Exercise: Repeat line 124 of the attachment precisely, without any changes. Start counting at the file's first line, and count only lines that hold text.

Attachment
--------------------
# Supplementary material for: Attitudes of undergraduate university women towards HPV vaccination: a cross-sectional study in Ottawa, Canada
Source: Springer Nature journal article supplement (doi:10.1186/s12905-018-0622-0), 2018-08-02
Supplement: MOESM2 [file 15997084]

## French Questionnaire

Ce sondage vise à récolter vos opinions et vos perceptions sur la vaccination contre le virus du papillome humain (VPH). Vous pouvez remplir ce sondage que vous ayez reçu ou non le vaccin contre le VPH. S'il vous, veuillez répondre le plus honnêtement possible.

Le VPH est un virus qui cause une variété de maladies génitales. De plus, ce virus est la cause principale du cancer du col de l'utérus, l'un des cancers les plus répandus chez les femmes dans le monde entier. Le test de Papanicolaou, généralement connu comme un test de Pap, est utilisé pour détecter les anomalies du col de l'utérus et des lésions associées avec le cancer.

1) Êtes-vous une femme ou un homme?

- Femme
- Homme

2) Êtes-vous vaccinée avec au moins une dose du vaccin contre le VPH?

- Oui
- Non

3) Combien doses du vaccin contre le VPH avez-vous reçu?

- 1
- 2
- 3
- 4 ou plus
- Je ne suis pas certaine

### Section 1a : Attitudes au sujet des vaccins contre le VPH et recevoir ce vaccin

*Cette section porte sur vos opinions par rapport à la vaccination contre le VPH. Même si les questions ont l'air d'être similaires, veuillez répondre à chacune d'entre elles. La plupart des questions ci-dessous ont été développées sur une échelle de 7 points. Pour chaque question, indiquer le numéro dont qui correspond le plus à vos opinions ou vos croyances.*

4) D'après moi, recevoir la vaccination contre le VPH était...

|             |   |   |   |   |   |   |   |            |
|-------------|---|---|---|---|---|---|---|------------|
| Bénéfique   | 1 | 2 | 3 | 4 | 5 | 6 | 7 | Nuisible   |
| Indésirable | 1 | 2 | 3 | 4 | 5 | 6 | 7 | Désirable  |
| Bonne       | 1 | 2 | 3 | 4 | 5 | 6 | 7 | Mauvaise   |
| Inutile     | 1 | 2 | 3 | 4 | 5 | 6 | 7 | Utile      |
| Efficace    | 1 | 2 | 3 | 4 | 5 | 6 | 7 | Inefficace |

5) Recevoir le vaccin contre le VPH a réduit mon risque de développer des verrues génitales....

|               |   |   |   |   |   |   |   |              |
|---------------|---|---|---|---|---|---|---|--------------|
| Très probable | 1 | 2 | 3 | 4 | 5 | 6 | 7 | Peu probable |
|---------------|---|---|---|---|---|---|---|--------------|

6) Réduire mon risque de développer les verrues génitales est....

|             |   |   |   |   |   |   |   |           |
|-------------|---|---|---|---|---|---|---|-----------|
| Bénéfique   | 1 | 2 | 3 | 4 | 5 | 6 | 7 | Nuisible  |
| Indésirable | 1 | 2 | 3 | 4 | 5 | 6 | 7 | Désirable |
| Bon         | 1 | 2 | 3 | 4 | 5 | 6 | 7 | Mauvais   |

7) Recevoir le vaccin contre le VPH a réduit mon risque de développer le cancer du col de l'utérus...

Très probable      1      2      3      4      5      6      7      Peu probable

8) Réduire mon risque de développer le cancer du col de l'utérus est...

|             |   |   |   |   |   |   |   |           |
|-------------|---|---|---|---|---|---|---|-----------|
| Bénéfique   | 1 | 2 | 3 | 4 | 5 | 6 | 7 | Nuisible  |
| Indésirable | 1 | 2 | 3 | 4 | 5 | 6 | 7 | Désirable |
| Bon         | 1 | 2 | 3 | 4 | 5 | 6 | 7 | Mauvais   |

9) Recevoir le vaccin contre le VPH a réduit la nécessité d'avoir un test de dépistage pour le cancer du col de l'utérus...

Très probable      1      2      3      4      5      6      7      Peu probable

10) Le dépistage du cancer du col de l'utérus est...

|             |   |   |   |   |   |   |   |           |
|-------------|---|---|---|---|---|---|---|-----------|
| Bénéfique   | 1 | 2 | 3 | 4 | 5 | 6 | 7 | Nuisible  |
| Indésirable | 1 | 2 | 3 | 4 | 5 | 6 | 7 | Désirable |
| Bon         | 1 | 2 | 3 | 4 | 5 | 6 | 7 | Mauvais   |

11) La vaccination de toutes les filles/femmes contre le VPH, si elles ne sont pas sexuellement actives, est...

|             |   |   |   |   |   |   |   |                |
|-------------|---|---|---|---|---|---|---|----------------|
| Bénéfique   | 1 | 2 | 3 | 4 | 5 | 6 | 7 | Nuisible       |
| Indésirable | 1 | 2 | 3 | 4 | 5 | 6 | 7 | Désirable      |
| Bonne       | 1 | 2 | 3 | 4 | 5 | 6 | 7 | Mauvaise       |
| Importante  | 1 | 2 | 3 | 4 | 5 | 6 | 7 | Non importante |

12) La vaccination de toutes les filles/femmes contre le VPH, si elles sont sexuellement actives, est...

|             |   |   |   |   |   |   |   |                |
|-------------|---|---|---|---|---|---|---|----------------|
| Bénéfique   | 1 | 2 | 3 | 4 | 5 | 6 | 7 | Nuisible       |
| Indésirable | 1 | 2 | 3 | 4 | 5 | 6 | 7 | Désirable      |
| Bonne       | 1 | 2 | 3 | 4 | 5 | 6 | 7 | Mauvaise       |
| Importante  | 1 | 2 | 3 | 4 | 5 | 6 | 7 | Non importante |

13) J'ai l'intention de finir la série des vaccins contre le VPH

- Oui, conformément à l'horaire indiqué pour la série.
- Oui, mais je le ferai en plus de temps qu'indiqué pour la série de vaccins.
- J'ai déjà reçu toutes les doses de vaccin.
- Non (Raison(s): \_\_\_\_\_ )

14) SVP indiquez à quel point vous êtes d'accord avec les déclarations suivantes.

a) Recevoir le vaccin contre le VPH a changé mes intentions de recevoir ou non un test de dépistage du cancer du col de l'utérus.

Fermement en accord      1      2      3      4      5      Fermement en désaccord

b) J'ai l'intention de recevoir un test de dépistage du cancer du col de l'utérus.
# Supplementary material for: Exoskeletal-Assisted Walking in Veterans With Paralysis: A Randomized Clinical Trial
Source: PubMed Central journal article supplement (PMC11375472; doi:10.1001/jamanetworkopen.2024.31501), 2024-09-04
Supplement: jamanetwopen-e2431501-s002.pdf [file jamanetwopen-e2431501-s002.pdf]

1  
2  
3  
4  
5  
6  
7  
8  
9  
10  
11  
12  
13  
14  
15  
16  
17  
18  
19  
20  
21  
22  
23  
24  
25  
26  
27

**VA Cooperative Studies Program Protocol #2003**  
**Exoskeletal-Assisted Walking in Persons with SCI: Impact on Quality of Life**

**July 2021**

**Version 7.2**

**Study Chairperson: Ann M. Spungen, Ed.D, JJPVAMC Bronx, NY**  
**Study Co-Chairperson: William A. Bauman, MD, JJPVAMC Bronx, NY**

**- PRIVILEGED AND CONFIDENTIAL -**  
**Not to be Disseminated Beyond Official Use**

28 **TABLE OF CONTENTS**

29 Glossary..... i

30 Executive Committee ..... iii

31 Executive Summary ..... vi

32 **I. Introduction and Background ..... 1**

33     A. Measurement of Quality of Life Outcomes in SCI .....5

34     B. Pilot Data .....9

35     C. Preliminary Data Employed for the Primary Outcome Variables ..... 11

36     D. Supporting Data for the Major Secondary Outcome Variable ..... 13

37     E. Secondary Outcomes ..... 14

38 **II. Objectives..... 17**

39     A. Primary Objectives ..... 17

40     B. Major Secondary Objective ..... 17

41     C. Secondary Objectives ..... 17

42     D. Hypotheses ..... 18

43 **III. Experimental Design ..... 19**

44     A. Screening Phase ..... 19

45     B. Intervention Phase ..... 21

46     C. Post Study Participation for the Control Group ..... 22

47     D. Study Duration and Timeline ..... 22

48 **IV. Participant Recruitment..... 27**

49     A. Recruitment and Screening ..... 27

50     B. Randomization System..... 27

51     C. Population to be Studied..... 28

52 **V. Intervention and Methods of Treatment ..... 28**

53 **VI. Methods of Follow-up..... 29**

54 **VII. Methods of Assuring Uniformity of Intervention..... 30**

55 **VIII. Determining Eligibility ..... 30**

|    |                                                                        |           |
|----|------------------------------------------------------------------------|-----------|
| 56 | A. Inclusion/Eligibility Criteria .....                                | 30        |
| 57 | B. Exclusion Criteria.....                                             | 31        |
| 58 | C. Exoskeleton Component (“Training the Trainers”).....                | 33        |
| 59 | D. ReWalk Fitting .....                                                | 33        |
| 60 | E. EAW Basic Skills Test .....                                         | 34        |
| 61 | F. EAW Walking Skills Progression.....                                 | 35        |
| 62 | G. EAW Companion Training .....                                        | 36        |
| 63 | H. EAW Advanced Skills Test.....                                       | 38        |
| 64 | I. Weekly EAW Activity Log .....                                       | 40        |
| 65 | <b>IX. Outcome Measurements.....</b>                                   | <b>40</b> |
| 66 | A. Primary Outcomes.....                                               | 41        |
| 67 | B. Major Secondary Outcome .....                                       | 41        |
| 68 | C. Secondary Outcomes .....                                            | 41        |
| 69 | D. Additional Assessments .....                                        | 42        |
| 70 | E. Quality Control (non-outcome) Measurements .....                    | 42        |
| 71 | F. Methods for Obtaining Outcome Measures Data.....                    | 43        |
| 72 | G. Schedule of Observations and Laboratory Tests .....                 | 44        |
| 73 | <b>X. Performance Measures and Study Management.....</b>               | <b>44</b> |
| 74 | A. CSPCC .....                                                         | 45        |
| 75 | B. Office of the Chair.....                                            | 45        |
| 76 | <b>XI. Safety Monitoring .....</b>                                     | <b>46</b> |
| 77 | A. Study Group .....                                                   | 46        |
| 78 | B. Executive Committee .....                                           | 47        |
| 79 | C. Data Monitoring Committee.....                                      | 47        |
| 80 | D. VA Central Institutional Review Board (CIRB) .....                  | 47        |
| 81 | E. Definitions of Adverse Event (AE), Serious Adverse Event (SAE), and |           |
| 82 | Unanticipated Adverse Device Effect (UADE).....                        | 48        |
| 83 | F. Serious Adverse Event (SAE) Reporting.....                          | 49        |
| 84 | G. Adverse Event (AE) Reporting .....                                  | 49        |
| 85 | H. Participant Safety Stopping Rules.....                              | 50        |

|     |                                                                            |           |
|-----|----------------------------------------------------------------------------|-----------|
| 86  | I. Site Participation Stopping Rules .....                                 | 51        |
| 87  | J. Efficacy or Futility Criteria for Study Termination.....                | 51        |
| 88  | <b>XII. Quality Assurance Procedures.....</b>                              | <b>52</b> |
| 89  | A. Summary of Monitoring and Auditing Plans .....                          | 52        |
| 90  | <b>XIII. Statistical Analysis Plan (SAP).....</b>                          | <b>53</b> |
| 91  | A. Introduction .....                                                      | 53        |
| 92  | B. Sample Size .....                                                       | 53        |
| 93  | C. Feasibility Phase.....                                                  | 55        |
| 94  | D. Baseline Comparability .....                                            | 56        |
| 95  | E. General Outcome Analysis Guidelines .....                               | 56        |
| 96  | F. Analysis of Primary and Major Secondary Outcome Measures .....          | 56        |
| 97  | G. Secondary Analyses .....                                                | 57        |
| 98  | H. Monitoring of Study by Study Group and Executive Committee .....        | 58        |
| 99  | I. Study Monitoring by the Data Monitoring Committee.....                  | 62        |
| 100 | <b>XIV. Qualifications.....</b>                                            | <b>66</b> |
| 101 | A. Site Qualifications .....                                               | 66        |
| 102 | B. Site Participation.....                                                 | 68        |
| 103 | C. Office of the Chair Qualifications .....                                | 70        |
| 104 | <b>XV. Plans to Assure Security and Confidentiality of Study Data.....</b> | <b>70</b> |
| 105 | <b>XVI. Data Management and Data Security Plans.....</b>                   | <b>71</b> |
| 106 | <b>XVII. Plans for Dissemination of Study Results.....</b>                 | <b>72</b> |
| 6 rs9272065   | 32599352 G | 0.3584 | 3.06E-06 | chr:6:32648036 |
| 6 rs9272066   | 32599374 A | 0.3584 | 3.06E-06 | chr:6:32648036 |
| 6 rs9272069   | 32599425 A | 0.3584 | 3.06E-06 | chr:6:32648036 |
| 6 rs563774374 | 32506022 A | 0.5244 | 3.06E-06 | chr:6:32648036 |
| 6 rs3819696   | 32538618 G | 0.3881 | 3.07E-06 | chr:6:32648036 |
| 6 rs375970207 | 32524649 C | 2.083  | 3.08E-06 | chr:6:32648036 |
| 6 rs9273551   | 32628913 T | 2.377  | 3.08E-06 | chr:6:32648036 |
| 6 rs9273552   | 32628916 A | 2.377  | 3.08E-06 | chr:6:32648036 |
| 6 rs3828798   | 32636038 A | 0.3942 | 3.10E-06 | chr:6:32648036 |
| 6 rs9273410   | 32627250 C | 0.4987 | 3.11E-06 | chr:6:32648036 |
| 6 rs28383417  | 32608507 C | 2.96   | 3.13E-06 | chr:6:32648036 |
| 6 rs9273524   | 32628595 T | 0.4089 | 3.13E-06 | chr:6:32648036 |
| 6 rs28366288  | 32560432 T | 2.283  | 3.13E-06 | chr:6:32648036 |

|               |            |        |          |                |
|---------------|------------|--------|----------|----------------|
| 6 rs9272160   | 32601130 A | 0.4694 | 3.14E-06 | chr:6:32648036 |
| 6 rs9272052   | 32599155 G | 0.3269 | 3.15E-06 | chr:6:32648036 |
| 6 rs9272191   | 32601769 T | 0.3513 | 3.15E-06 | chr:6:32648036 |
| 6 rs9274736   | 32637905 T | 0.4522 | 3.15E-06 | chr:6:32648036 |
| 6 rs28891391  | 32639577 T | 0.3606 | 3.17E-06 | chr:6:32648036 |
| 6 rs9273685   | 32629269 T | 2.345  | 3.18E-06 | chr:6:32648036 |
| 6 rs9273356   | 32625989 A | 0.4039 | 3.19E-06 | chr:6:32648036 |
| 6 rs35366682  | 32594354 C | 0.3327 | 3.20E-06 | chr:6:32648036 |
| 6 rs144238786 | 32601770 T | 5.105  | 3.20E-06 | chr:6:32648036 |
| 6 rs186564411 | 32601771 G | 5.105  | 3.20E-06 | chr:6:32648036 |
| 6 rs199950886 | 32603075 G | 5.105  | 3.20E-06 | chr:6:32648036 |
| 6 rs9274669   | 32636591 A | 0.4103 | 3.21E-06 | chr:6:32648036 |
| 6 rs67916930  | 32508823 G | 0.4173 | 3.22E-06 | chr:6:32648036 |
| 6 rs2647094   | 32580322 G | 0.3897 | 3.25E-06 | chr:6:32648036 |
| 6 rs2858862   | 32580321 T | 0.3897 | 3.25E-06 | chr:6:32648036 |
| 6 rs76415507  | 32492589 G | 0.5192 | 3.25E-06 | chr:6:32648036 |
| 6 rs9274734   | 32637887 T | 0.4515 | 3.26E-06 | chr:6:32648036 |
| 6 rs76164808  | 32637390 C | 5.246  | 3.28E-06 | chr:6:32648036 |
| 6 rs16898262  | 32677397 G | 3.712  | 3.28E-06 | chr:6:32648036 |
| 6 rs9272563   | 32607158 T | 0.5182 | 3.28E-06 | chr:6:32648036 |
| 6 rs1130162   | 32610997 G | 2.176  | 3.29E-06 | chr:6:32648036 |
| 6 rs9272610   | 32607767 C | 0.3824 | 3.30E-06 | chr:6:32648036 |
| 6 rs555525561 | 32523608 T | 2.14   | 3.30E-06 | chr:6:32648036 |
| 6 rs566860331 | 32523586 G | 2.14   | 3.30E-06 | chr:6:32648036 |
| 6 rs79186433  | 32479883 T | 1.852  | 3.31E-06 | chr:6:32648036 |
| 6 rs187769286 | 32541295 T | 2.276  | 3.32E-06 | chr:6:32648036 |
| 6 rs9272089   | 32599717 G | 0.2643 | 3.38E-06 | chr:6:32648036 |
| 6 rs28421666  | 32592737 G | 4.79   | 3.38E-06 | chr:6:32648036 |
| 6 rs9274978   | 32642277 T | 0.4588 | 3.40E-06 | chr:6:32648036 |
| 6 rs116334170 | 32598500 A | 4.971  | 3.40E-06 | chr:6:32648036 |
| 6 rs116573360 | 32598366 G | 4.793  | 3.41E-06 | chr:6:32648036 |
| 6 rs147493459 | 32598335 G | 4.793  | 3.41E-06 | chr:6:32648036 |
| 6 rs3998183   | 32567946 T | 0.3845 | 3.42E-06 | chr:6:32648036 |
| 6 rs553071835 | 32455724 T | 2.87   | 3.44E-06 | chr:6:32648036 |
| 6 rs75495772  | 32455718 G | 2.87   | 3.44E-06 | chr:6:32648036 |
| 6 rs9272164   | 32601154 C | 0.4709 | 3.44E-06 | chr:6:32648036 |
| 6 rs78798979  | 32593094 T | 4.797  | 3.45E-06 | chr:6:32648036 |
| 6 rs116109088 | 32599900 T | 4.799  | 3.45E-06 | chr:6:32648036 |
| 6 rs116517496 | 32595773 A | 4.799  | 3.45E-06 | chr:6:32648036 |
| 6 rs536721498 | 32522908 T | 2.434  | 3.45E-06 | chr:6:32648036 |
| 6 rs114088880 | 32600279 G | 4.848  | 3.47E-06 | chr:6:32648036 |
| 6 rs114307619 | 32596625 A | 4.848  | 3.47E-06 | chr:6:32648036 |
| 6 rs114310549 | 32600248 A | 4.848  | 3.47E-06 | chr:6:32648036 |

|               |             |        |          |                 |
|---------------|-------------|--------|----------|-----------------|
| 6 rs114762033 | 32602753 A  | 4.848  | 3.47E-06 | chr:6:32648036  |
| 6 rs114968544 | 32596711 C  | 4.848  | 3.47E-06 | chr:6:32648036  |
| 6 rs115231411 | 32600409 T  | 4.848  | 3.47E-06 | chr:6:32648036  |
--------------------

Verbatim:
35     C. Preliminary Data Employed for the Primary Outcome Variables ..... 11